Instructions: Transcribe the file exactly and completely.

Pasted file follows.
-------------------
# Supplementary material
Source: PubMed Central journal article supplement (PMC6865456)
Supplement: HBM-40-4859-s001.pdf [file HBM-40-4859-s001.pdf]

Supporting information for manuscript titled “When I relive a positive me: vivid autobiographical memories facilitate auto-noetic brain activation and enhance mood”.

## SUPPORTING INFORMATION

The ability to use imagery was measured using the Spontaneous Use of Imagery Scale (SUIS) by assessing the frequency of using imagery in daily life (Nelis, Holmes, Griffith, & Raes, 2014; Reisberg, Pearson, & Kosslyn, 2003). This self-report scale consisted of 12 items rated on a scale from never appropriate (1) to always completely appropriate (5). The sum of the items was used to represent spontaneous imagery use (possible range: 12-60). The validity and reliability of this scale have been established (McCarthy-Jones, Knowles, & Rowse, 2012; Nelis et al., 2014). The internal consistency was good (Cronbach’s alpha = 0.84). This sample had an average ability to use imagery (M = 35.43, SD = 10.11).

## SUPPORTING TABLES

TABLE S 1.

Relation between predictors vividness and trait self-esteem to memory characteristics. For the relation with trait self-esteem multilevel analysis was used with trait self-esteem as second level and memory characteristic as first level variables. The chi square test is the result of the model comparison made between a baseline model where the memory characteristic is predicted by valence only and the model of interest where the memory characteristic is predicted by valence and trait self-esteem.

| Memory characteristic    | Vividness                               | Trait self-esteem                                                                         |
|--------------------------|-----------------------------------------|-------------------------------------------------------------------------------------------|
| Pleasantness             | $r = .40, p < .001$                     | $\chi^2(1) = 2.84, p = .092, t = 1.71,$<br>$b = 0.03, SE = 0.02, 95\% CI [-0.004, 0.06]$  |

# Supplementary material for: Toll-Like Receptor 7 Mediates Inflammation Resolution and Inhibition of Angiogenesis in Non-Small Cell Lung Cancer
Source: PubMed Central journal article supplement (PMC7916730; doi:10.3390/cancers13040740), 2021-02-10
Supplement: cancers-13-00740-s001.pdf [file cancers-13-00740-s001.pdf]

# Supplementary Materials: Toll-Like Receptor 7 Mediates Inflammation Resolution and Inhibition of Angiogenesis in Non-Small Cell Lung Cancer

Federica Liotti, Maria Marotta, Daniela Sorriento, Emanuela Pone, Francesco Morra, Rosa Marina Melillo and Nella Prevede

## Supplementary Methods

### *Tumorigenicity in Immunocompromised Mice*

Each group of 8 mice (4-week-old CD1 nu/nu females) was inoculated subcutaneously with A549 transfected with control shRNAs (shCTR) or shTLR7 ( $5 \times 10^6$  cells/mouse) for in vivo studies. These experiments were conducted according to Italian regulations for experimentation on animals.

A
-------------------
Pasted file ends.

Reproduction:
# Supplementary material
Source: PubMed Central journal article supplement (PMC6865456)
Supplement: HBM-40-4859-s001.pdf [file HBM-40-4859-s001.pdf]

Supporting information for manuscript titled “When I relive a positive me: vivid autobiographical memories facilitate auto-noetic brain activation and enhance mood”.

## SUPPORTING INFORMATION

The ability to use imagery was measured using the Spontaneous Use of Imagery Scale (SUIS) by assessing the frequency of using imagery in daily life (Nelis, Holmes, Griffith, & Raes, 2014; Reisberg, Pearson, & Kosslyn, 2003). This self-report scale consisted of 12 items rated on a scale from never appropriate (1) to always completely appropriate (5). The sum of the items was used to represent spontaneous imagery use (possible range: 12-60). The validity and reliability of this scale have been established (McCarthy-Jones, Knowles, & Rowse, 2012; Nelis et al., 2014). The internal consistency was good (Cronbach’s alpha = 0.84). This sample had an average ability to use imagery (M = 35.43, SD = 10.11).

## SUPPORTING TABLES

TABLE S 1.

Relation between predictors vividness and trait self-esteem to memory characteristics. For the relation with trait self-esteem multilevel analysis was used with trait self-esteem as second level and memory characteristic as first level variables. The chi square test is the result of the model comparison made between a baseline model where the memory characteristic is predicted by valence only and the model of interest where the memory characteristic is predicted by valence and trait self-esteem.

| Memory characteristic    | Vividness                               | Trait self-esteem                                                                         |
|--------------------------|-----------------------------------------|-------------------------------------------------------------------------------------------|
| Pleasantness             | $r = .40, p < .001$                     | $\chi^2(1) = 2.84, p = .092, t = 1.71,$<br>$b = 0.03, SE = 0.02, 95\% CI [-0.004, 0.06]$  |

# Supplementary material for: Toll-Like Receptor 7 Mediates Inflammation Resolution and Inhibition of Angiogenesis in Non-Small Cell Lung Cancer
Source: PubMed Central journal article supplement (PMC7916730; doi:10.3390/cancers13040740), 2021-02-10
Supplement: cancers-13-00740-s001.pdf [file cancers-13-00740-s001.pdf]

# Supplementary Materials: Toll-Like Receptor 7 Mediates Inflammation Resolution and Inhibition of Angiogenesis in Non-Small Cell Lung Cancer

Federica Liotti, Maria Marotta, Daniela Sorriento, Emanuela Pone, Francesco Morra, Rosa Marina Melillo and Nella Prevede

## Supplementary Methods

### *Tumorigenicity in Immunocompromised Mice*

Each group of 8 mice (4-week-old CD1 nu/nu females) was inoculated subcutaneously with A549 transfected with control shRNAs (shCTR) or shTLR7 ( $5 \times 10^6$  cells/mouse) for in vivo studies. These experiments were conducted according to Italian regulations for experimentation on animals.

A